We have 65 hospitals sending data into CORHIO, and we had 30-plus representations as to how a hemoglobin a1c might be represented, in terms of vocabulary and coding. So we used NLP [natural language processing] to help us with that, to help move forward in disease management in areas like diabetes. We’ve also focused on another use case with our Department of Health in Colorado, around an influenza use case, where we’re able to flag a positive influenza use test and track for an inpatient admit that occurs within 48 hours, to map the cost of care as well as the ability to access supporting resources that hopefully would avert an inpatient admission.

That’s what we’re working on—normalization across general labs and clinical metrics; and as we expand our data types, we’re expanding towards social determinants, as well as labs that extend beyond the general labs.

Morgan Honea: I agree with everything that Mark said. I would just add that this is, really, in my opinion, kind of a second evolution around the interoperability question. We’ve got a tremendous HIE with tremendous participation here in Colorado. The important fact is that, after laying the infrastructure for a statewide HIE, it next becomes imperative move into normalization across data sources, so that you’re not changing vocabularies or nomenclature.

That sounds like “HIE 2.0,” in terms of the advanced work, doesn’t it?

Carlson: That’ll work.

What’s next or top priority now for providers?

Honea: Our top priority is to continue to expand the type of data available in the HIE. In that context, we’re facing up to the incredible challenge of continuing to integrate behavioral data into the system. We’re also working with state agencies, to make sure that folks are getting the best care coordination for the best outcomes possible. And probably the highest demand from our clients is fewer queries and more push notifications and types of functionality, greater integration into EHRs [electronic health records] and other population health-type tools, with really clean, neatly packaged data, which is where this conversation becomes more important, because as Mark said, with hemoglobin a1c, things get very messy as the volume of the data grows, if you’re constantly having to clean up the data. So providing the data in interoperable, easily usable ways, is a top priority.

Carlson: And you have to follow the money in terms of reimbursable events and other value-based areas. So as we improve our inbound CCDA-type activities, we want to improve the quality of submission at the level of formatting as well as presence of charted measures, as being able to format and report those out, from practices, including around broader performance measures.

With regard to the capture and sharing of data, are you making any use of artificial intelligence? And where is that going?

Carlson: One of our core initiatives is, how do we become more situationally aware? I’ve looked at FHIR as a path forward, in that context Whereas the CCDA is a blunt-force instrument, FHIR provides the opportunity to be a lot more precise in packaging and bundling data. For example, we’ve been working on a use case for an anesthesiology group. They want to see problems, meds, last treatments, discharge summary, they don’t want to see everything. FHIR helps us to bundle and package data, and then via an API connection, they can receive more precise information that meets their needs, rather than via all-encompassing data. More targeted, based on clinical needs.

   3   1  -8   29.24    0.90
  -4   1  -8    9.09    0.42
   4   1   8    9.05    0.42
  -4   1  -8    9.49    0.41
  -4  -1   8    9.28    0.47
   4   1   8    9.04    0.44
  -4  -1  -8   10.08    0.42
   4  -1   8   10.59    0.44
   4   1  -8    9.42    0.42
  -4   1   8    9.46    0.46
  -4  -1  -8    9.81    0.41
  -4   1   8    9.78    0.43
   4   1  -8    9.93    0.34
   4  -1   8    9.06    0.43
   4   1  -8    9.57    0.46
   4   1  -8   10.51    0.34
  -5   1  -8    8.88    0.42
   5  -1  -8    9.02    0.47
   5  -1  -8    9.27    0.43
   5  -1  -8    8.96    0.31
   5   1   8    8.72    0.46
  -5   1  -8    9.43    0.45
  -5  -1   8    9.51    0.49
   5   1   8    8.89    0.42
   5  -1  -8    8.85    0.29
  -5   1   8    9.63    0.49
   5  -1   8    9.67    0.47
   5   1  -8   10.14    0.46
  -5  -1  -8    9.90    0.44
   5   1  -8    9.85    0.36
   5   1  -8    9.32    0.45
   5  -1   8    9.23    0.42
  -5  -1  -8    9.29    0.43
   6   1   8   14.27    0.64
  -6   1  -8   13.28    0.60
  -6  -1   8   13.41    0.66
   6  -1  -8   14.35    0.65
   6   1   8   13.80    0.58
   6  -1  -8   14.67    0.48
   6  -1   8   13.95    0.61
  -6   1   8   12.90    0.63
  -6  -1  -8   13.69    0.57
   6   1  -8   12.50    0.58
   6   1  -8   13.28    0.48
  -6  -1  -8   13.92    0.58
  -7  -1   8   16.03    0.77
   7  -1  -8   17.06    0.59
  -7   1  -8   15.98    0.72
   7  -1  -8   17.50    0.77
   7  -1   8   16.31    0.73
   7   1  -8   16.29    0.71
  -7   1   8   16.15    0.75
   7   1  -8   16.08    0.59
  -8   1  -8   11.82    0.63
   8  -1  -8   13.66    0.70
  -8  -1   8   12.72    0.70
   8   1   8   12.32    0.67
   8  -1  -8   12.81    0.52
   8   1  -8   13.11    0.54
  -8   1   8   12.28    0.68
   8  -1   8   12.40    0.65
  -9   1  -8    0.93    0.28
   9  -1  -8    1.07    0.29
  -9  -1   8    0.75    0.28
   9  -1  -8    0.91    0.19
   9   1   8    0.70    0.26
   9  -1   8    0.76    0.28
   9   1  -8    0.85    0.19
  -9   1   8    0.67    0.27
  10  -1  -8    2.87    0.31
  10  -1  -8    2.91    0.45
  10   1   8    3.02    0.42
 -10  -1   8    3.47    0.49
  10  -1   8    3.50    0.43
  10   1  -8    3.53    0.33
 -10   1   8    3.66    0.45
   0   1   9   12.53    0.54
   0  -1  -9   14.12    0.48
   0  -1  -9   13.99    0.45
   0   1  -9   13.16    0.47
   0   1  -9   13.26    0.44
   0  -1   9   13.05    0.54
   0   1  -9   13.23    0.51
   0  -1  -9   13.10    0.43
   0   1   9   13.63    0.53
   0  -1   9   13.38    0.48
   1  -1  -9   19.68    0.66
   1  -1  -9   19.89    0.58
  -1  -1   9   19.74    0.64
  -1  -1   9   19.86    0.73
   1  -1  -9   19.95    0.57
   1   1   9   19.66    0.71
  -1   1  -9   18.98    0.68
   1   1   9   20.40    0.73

Honea: The ability to get down the discrete data level, understand the data points and bundle and share them, is where I think things are going. A CCDA is a big, narrative summary of an encounter, and doesn’t get down to that level of granularity.

Carlson: In the media right now, there’s been a lot of discussion around where the next steps of IBM Watson should be. And we’ve had this discussion with a lot of vendors in the past, where we’ve been introduced to some very compelling functionality; but then some wonderfully designed tools absolutely choke on some of the variability of the nomenclature in the data. And that prevents us from getting to advancing the Quadruple Aim. Those learnings and market information that we’ve gathered over time, indicated our absolute need to partner with organizations that have a foundation for creating mappings that are clinically valid and reliable and backed with the expertise behind it. That can help us get to the population health insights that you’re referencing when you mention AI.

Do you think you’ll be able to incorporate some social determinants of health data into what you’re sharing?

Honea: That’s an area where I’m spending some of my time now. I have no doubt that we’ll run into the same challenges with local code sets and varying terminologies with that type of data that we’ve had with clinical data. I don’t see that that process is strictly limited to hospital and clinic data; I think it will go across all sorts of systems; and when we share from one program to another and one type of data system to another, we’ll face the same types of challenges and requirements for data standardization. So we’ll probably rinse and repeat every time we go out and get another data point.